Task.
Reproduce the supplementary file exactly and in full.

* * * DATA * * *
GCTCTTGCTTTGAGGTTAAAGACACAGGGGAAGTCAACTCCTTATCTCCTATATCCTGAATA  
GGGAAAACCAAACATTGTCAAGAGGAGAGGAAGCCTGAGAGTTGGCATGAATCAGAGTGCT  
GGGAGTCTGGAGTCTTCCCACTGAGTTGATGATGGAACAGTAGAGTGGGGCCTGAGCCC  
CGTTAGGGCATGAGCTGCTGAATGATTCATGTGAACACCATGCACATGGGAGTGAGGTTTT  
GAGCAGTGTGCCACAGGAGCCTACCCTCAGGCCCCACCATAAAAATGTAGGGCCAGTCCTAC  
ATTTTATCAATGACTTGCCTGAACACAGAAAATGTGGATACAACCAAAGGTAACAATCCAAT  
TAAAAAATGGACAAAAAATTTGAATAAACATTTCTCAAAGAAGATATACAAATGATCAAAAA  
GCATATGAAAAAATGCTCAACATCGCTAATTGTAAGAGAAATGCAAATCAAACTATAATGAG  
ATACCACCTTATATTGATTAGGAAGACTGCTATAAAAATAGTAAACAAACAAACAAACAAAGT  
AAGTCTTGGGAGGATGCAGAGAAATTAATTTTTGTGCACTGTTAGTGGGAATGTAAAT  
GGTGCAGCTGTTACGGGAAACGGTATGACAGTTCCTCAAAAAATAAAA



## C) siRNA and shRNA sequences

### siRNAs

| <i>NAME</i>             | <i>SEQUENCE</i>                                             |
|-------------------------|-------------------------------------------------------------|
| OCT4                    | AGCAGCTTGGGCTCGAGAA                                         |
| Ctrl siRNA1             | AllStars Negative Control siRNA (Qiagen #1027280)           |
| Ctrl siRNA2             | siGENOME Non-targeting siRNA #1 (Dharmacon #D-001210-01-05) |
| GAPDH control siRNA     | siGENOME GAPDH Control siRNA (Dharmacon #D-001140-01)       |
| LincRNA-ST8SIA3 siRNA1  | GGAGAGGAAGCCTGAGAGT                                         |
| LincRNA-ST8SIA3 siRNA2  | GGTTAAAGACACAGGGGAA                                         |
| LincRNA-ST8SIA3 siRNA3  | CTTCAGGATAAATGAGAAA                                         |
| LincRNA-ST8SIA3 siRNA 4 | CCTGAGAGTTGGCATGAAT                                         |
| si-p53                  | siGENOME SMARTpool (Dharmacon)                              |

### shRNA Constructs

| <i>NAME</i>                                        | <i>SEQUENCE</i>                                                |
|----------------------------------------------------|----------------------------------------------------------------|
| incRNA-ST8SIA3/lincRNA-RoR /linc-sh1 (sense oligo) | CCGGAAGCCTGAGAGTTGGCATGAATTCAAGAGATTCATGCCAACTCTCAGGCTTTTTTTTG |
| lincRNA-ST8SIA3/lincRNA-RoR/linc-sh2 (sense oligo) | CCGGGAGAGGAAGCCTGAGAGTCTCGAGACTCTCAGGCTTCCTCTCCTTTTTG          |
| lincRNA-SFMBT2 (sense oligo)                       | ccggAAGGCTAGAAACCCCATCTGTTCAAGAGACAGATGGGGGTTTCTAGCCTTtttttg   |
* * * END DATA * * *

GCTCTTGCTTTGAGGTTAAAGACACAGGGGAAGTCAACTCCTTATCTCCTATATCCTGAATA  
GGGAAAACCAAACATTGTCAAGAGGAGAGGAAGCCTGAGAGTTGGCATGAATCAGAGTGCT  
GGGAGTCTGGAGTCTTCCCACTGAGTTGATGATGGAACAGTAGAGTGGGGCCTGAGCCC  
CGTTAGGGCATGAGCTGCTGAATGATTCATGTGAACACCATGCACATGGGAGTGAGGTTTT  
GAGCAGTGTGCCACAGGAGCCTACCCTCAGGCCCCACCATAAAAATGTAGGGCCAGTCCTAC  
ATTTTATCAATGACTTGCCTGAACACAGAAAATGTGGATACAACCAAAGGTAACAATCCAAT  
TAAAAAATGGACAAAAAATTTGAATAAACATTTCTCAAAGAAGATATACAAATGATCAAAAA  
GCATATGAAAAAATGCTCAACATCGCTAATTGTAAGAGAAATGCAAATCAAACTATAATGAG  
ATACCACCTTATATTGATTAGGAAGACTGCTATAAAAATAGTAAACAAACAAACAAACAAAGT  
AAGTCTTGGGAGGATGCAGAGAAATTAATTTTTGTGCACTGTTAGTGGGAATGTAAAT  
GGTGCAGCTGTTACGGGAAACGGTATGACAGTTCCTCAAAAAATAAAA



## C) siRNA and shRNA sequences

### siRNAs

| <i>NAME</i>             | <i>SEQUENCE</i>                                             |
|-------------------------|-------------------------------------------------------------|
| OCT4                    | AGCAGCTTGGGCTCGAGAA                                         |
| Ctrl siRNA1             | AllStars Negative Control siRNA (Qiagen #1027280)           |
| Ctrl siRNA2             | siGENOME Non-targeting siRNA #1 (Dharmacon #D-001210-01-05) |
| GAPDH control siRNA     | siGENOME GAPDH Control siRNA (Dharmacon #D-001140-01)       |
| LincRNA-ST8SIA3 siRNA1  | GGAGAGGAAGCCTGAGAGT                                         |
| LincRNA-ST8SIA3 siRNA2  | GGTTAAAGACACAGGGGAA                                         |
| LincRNA-ST8SIA3 siRNA3  | CTTCAGGATAAATGAGAAA                                         |
| LincRNA-ST8SIA3 siRNA 4 | CCTGAGAGTTGGCATGAAT                                         |
| si-p53                  | siGENOME SMARTpool (Dharmacon)                              |

### shRNA Constructs

| <i>NAME</i>                                        | <i>SEQUENCE</i>                                                |
|----------------------------------------------------|----------------------------------------------------------------|
| incRNA-ST8SIA3/lincRNA-RoR /linc-sh1 (sense oligo) | CCGGAAGCCTGAGAGTTGGCATGAATTCAAGAGATTCATGCCAACTCTCAGGCTTTTTTTTG |
| lincRNA-ST8SIA3/lincRNA-RoR/linc-sh2 (sense oligo) | CCGGGAGAGGAAGCCTGAGAGTCTCGAGACTCTCAGGCTTCCTCTCCTTTTTG          |
| lincRNA-SFMBT2 (sense oligo)                       | ccggAAGGCTAGAAACCCCATCTGTTCAAGAGACAGATGGGGGTTTCTAGCCTTtttttg   |